ON MAY 5, GOVERNOR CHRISTIE SIGNED INTO LAW AN AMENDMENT TO THE NEW JERSEY ANGEL INVESTOR TAX CREDIT ACT, a 2013 statute which has the goal of encouraging investment in New Jersey businesses in the emerging technology sector. An “emerging technology” business is one that is performing research, conducting pilot-scale manufacturing or pursuing the commercialization of technology in any of the following industries: advanced computing, advanced materials, biotechnology, electronic device technology, information technology, life sciences, medical device technology, mobile communications technology or renewable energy technology. The 2017 amendments expanded the definition of “emerging technology” to incorporate “carbon footprint reduction technology,” which includes energy efficiency, renewable or non-carbon-emitting and carbon emissions abatement technology.
The law encourages investments in qualifying companies by granting a tax credit up to $500,000 per tax year to the “angel” investor, which can be an individual, a partnership or a corporation. The credit is limited to 10 percent of the investment but in certain circumstances may be carried forward for use in future years, and there is flexibility in who can take advantage of the credits. A qualifying investment can be a cash infusion, as well as research or production agreements, transactions in exchange for stock or other ownership interest in the startup venture, purchases of licenses, marketing rights or similar types of arrangements. Investments need not be made to the startup directly, but can be made to a holding company which has the rights or power to control the startup. There are, of course, hoops to jump through, fine print to read, qualifications to meet and fees to be paid in order to qualify for the tax credits. The New Jersey Economic Development Authority (EDA) oversees the application process and monitors compliance.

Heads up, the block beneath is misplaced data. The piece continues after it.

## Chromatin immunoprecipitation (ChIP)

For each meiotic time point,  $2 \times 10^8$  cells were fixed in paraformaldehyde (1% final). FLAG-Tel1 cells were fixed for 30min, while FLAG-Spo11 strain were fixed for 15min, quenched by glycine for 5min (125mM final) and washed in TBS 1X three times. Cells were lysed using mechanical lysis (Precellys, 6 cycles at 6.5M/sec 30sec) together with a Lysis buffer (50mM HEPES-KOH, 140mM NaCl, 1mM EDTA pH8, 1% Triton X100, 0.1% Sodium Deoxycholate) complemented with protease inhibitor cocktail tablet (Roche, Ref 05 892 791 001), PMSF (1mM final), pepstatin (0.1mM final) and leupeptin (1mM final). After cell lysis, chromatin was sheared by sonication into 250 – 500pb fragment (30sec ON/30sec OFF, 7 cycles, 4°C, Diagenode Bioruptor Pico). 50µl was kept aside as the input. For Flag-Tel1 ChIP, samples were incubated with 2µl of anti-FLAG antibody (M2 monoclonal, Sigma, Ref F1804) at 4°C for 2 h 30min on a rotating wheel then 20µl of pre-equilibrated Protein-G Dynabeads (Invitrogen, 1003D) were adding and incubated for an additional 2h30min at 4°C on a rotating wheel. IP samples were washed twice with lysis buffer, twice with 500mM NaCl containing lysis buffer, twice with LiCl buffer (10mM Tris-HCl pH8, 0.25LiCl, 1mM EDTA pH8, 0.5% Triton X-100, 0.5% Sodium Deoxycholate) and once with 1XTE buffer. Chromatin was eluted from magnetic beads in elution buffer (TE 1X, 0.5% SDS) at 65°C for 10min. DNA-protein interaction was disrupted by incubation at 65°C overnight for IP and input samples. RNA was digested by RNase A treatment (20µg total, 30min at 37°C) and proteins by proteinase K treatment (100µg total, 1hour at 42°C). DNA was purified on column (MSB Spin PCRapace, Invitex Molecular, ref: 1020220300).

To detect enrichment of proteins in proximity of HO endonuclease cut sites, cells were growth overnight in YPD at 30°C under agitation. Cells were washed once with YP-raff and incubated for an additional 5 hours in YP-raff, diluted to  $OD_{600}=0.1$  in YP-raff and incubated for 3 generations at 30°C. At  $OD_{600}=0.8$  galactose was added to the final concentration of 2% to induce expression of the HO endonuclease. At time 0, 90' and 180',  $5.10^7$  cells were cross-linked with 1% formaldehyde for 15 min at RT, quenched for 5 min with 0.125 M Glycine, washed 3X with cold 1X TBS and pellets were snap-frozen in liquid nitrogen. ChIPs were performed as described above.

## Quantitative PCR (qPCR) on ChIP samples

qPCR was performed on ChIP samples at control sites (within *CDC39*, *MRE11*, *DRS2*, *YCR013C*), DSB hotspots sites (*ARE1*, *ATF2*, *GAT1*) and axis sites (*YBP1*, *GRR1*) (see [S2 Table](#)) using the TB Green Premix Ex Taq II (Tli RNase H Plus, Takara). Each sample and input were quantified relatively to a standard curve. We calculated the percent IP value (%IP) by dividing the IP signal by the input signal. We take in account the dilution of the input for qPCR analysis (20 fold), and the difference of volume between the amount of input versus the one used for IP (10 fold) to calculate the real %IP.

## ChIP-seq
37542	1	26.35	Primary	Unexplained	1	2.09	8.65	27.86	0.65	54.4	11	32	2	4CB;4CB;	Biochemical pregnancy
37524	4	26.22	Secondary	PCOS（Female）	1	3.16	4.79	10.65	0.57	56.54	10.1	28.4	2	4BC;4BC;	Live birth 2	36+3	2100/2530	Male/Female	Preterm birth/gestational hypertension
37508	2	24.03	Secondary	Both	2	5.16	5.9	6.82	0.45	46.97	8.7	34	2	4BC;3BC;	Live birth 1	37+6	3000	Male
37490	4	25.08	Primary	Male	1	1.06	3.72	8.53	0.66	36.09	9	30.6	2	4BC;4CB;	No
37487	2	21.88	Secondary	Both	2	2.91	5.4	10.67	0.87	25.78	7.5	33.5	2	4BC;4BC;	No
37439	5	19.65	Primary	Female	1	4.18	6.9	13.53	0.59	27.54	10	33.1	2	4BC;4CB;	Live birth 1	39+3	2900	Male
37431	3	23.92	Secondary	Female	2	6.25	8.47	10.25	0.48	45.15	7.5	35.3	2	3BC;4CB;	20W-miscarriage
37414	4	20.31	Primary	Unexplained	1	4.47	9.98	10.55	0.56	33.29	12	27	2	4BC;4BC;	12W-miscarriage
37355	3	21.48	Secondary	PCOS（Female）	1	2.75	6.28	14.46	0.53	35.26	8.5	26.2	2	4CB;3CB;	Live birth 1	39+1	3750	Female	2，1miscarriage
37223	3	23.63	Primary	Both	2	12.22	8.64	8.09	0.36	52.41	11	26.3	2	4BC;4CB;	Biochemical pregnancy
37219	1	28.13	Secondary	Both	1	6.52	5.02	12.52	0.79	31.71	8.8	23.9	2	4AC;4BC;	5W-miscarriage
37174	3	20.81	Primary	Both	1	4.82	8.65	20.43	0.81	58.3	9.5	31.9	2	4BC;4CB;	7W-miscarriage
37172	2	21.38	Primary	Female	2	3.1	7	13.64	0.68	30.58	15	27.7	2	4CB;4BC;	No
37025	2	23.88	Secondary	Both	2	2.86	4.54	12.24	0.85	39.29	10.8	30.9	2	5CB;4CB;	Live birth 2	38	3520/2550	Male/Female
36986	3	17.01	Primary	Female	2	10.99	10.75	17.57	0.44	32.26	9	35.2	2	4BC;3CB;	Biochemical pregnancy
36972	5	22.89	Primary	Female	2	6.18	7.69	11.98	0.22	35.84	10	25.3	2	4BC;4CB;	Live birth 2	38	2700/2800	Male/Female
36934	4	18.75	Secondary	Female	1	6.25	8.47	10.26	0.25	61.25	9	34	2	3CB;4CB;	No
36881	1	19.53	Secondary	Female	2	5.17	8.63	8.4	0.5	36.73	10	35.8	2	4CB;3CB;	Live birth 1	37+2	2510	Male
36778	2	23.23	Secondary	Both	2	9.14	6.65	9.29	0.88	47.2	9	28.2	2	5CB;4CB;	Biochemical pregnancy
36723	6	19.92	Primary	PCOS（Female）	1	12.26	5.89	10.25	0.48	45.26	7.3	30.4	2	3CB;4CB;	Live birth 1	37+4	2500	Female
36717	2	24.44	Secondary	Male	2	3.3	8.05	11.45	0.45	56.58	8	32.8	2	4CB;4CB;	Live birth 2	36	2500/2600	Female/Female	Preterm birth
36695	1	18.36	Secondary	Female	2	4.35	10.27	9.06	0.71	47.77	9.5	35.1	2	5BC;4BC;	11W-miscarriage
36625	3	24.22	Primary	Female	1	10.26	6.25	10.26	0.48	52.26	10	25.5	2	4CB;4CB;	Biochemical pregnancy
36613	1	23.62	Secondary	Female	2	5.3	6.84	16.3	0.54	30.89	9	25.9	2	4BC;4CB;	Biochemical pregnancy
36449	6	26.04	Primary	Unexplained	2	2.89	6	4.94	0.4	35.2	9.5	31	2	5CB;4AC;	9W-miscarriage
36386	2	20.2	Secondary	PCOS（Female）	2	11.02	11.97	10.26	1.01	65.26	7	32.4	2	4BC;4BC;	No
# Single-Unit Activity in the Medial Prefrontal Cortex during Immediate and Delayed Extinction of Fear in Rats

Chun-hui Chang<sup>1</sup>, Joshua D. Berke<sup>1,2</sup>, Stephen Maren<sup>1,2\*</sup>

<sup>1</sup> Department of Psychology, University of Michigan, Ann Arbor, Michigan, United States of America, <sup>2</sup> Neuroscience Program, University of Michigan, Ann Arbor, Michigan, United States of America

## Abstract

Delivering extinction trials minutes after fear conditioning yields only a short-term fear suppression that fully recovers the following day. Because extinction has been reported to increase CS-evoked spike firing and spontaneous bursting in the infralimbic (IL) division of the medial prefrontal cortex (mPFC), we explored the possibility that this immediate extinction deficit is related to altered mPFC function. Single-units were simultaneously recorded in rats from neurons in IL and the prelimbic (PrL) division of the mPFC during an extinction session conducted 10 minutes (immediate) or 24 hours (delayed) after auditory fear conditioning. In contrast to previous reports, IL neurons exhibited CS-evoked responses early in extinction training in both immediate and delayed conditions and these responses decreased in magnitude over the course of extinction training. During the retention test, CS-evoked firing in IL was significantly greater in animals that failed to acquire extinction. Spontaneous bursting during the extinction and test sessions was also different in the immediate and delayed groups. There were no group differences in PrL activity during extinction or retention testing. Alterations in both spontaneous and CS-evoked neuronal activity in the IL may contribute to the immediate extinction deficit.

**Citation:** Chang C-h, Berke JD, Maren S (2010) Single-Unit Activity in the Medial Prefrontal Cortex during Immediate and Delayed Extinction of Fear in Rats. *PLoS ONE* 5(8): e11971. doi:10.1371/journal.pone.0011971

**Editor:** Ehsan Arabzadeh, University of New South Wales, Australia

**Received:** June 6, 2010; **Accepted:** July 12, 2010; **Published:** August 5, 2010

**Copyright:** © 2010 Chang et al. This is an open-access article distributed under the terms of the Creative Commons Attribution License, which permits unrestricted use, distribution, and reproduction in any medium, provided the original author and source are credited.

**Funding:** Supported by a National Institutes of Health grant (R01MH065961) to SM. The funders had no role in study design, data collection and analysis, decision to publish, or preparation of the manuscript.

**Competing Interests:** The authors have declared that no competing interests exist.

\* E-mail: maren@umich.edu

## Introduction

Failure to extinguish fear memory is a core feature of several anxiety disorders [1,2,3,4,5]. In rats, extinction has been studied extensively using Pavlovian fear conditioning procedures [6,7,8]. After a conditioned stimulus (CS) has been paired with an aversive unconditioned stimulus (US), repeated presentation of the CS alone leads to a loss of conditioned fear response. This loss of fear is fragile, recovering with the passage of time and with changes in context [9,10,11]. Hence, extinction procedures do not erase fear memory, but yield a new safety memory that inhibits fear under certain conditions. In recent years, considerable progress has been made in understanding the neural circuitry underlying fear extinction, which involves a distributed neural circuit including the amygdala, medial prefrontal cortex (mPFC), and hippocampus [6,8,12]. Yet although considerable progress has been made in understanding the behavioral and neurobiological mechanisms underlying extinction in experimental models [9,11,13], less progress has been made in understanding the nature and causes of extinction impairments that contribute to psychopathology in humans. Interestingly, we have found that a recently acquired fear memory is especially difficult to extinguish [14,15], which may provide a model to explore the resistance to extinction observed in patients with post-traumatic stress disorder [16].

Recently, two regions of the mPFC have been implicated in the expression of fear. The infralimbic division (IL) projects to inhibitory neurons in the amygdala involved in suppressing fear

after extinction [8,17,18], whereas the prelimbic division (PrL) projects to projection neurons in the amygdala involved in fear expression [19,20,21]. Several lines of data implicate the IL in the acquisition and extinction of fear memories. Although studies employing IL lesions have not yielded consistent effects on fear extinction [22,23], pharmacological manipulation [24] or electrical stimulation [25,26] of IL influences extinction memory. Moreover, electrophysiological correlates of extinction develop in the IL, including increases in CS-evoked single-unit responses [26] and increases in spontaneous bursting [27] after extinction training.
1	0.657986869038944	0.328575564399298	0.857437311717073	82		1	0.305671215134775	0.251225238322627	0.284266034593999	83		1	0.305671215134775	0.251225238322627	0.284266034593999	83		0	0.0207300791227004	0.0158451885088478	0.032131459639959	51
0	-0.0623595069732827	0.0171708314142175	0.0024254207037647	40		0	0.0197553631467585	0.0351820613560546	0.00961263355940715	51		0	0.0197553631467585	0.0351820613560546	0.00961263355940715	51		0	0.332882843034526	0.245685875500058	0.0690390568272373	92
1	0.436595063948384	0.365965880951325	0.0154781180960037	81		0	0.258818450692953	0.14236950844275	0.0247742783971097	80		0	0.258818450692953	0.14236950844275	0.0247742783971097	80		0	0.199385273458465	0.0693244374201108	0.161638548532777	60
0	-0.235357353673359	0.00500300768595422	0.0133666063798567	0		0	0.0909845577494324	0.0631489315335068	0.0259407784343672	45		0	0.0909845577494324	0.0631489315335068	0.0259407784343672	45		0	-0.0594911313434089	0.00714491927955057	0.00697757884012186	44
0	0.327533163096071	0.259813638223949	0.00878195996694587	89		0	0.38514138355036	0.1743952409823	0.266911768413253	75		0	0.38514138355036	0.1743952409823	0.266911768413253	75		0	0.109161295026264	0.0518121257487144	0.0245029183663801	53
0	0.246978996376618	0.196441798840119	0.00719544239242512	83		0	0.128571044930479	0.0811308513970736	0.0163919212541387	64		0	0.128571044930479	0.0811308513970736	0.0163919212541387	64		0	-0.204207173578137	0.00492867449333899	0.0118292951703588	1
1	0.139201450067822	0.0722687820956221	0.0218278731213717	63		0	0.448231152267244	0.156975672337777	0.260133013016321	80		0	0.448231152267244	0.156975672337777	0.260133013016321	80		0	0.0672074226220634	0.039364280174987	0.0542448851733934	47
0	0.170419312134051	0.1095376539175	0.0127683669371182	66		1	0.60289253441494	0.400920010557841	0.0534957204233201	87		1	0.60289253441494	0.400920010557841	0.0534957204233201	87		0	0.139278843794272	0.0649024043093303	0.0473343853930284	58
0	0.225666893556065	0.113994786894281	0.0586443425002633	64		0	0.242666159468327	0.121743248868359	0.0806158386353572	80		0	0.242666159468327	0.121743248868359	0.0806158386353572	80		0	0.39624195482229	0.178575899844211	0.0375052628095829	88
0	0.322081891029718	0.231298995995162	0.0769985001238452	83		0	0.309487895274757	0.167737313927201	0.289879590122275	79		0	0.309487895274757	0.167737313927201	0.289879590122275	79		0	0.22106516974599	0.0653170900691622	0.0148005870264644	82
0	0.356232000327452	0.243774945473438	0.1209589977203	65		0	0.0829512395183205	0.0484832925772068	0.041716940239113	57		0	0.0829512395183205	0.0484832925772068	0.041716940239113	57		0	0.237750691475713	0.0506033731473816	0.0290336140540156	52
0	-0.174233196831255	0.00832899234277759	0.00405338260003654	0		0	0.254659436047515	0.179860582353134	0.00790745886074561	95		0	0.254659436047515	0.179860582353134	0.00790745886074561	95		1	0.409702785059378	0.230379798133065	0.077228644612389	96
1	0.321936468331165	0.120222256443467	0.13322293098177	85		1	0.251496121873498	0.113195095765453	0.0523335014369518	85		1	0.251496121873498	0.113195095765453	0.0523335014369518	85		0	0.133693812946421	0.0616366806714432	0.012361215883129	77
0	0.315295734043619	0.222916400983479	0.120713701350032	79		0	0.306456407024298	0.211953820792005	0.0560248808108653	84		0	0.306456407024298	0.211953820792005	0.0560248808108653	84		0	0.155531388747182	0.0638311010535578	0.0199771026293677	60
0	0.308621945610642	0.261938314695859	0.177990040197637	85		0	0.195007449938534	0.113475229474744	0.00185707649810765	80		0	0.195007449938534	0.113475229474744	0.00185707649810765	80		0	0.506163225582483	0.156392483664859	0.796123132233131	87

This renewed commitment to rewarding investors in technology startups underscores the belief that the future of New Jersey’s economy is tied to the state’s ability to grow and keep technologybased jobs. Preliminary studies of other states that have enacted similar legislation—while acknowledging the loss of tax revenue— have concluded that encouraging this type of investment does lead to the direct creation of jobs. We therefore have reason to be optimistic in New Jersey that new investment will be attracted for these nascent industries.
Catherine Ward is a partner in Stradley Ronon’s Cherry Hill office and co-chair of the firm’s environmental practice group. She has spent much of her practice helping clients understand the complexities of regulations at the intersection of science and law. She can be reached at email@example.com.
Published (and copyrighted) in South Jersey Biz, Volume 7, Issue 6 (June, 2017).
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